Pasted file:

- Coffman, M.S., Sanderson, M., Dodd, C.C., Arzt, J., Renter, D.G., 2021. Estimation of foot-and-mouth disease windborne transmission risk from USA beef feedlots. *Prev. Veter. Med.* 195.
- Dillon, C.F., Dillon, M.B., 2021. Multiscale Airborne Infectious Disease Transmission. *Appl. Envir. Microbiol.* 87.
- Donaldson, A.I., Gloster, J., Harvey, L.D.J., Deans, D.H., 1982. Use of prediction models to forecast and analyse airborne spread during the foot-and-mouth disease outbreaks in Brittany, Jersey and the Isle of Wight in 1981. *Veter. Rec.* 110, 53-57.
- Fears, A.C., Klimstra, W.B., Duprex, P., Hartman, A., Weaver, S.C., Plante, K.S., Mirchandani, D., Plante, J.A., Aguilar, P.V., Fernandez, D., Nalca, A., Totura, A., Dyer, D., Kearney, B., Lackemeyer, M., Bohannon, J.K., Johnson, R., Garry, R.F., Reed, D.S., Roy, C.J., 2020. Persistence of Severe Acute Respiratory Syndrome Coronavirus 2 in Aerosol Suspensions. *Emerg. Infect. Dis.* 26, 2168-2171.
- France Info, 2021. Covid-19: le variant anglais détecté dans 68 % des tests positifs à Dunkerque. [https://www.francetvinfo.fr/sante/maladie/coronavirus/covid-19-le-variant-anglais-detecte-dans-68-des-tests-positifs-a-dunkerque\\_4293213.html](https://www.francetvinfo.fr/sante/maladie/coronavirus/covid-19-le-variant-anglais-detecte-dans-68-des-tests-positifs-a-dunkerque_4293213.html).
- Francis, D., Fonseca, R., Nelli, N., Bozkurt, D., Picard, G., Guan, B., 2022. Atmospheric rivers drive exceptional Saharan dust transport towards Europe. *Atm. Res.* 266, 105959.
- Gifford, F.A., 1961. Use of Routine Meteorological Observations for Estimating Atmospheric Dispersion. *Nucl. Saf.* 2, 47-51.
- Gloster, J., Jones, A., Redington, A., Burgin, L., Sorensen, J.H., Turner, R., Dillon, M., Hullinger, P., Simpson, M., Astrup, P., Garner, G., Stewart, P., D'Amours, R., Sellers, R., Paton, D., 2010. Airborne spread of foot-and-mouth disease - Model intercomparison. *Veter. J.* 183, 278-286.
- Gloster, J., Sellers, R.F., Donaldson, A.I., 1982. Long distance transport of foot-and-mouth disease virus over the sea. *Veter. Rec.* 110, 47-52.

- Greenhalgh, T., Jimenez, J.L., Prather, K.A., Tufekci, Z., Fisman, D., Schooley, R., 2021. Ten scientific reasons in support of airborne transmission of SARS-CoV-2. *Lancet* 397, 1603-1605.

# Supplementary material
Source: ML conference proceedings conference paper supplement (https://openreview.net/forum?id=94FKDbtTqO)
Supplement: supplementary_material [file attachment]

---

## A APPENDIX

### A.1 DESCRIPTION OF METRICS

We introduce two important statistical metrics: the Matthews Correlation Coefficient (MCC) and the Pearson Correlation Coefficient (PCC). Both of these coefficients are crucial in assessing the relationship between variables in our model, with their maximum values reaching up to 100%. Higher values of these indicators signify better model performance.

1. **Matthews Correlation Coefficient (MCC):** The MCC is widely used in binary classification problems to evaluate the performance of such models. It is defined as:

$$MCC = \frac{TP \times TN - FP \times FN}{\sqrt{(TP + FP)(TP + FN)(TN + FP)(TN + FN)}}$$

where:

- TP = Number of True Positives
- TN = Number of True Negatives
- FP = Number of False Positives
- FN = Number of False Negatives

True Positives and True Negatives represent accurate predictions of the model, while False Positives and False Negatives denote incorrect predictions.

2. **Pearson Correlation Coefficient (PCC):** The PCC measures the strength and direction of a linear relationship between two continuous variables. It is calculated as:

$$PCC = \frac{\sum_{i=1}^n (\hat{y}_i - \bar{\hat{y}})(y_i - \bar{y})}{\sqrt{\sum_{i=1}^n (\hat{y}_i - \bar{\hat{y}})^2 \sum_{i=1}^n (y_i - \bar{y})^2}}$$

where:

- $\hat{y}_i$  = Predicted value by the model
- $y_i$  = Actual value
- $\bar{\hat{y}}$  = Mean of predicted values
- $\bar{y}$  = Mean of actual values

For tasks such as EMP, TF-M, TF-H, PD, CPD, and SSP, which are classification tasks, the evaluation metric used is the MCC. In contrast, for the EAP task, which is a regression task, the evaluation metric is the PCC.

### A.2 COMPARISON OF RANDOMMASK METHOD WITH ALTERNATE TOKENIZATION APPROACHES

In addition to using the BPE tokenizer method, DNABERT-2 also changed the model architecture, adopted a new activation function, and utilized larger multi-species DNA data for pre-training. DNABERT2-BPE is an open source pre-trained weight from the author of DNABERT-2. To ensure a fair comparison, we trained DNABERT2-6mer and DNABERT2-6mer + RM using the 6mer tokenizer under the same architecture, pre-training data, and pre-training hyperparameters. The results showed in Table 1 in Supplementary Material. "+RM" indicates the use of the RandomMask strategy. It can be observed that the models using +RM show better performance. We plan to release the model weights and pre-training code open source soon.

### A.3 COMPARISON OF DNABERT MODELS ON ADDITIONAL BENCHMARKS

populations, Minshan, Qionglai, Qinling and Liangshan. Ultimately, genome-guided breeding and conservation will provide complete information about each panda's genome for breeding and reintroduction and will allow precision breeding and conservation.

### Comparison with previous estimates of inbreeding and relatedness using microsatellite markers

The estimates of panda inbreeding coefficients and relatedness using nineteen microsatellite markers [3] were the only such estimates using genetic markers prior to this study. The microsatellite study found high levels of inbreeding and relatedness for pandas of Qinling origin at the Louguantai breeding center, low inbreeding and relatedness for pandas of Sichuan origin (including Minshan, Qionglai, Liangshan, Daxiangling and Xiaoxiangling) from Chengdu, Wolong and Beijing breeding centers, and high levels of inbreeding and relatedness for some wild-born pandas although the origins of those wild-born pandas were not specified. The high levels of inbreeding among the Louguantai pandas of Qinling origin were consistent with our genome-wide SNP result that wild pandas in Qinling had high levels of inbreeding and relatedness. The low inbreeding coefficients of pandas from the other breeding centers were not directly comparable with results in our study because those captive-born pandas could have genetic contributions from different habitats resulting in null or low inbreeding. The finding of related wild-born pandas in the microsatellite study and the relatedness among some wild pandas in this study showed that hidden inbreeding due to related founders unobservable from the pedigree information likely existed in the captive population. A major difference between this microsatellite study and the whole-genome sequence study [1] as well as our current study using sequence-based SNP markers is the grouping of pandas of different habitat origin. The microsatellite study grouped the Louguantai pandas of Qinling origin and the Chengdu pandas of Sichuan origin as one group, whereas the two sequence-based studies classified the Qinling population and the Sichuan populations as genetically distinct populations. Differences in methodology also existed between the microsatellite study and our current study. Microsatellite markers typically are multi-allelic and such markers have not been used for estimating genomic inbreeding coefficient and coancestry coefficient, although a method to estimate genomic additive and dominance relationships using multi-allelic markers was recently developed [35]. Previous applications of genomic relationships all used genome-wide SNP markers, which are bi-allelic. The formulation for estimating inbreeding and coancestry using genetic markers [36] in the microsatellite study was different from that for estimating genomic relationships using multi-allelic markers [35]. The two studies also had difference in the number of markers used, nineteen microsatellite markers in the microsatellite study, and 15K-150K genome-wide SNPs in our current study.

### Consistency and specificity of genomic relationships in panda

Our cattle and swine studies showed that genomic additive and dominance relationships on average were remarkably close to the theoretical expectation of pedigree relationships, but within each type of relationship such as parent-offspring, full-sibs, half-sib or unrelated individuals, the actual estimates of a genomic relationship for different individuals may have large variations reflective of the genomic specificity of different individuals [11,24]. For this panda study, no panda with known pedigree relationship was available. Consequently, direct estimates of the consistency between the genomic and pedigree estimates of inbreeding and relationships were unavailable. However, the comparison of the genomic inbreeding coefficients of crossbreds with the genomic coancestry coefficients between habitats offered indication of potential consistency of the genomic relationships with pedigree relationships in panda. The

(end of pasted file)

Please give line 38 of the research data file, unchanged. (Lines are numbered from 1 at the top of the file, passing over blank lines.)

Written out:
### Comparison with previous estimates of inbreeding and relatedness using microsatellite markers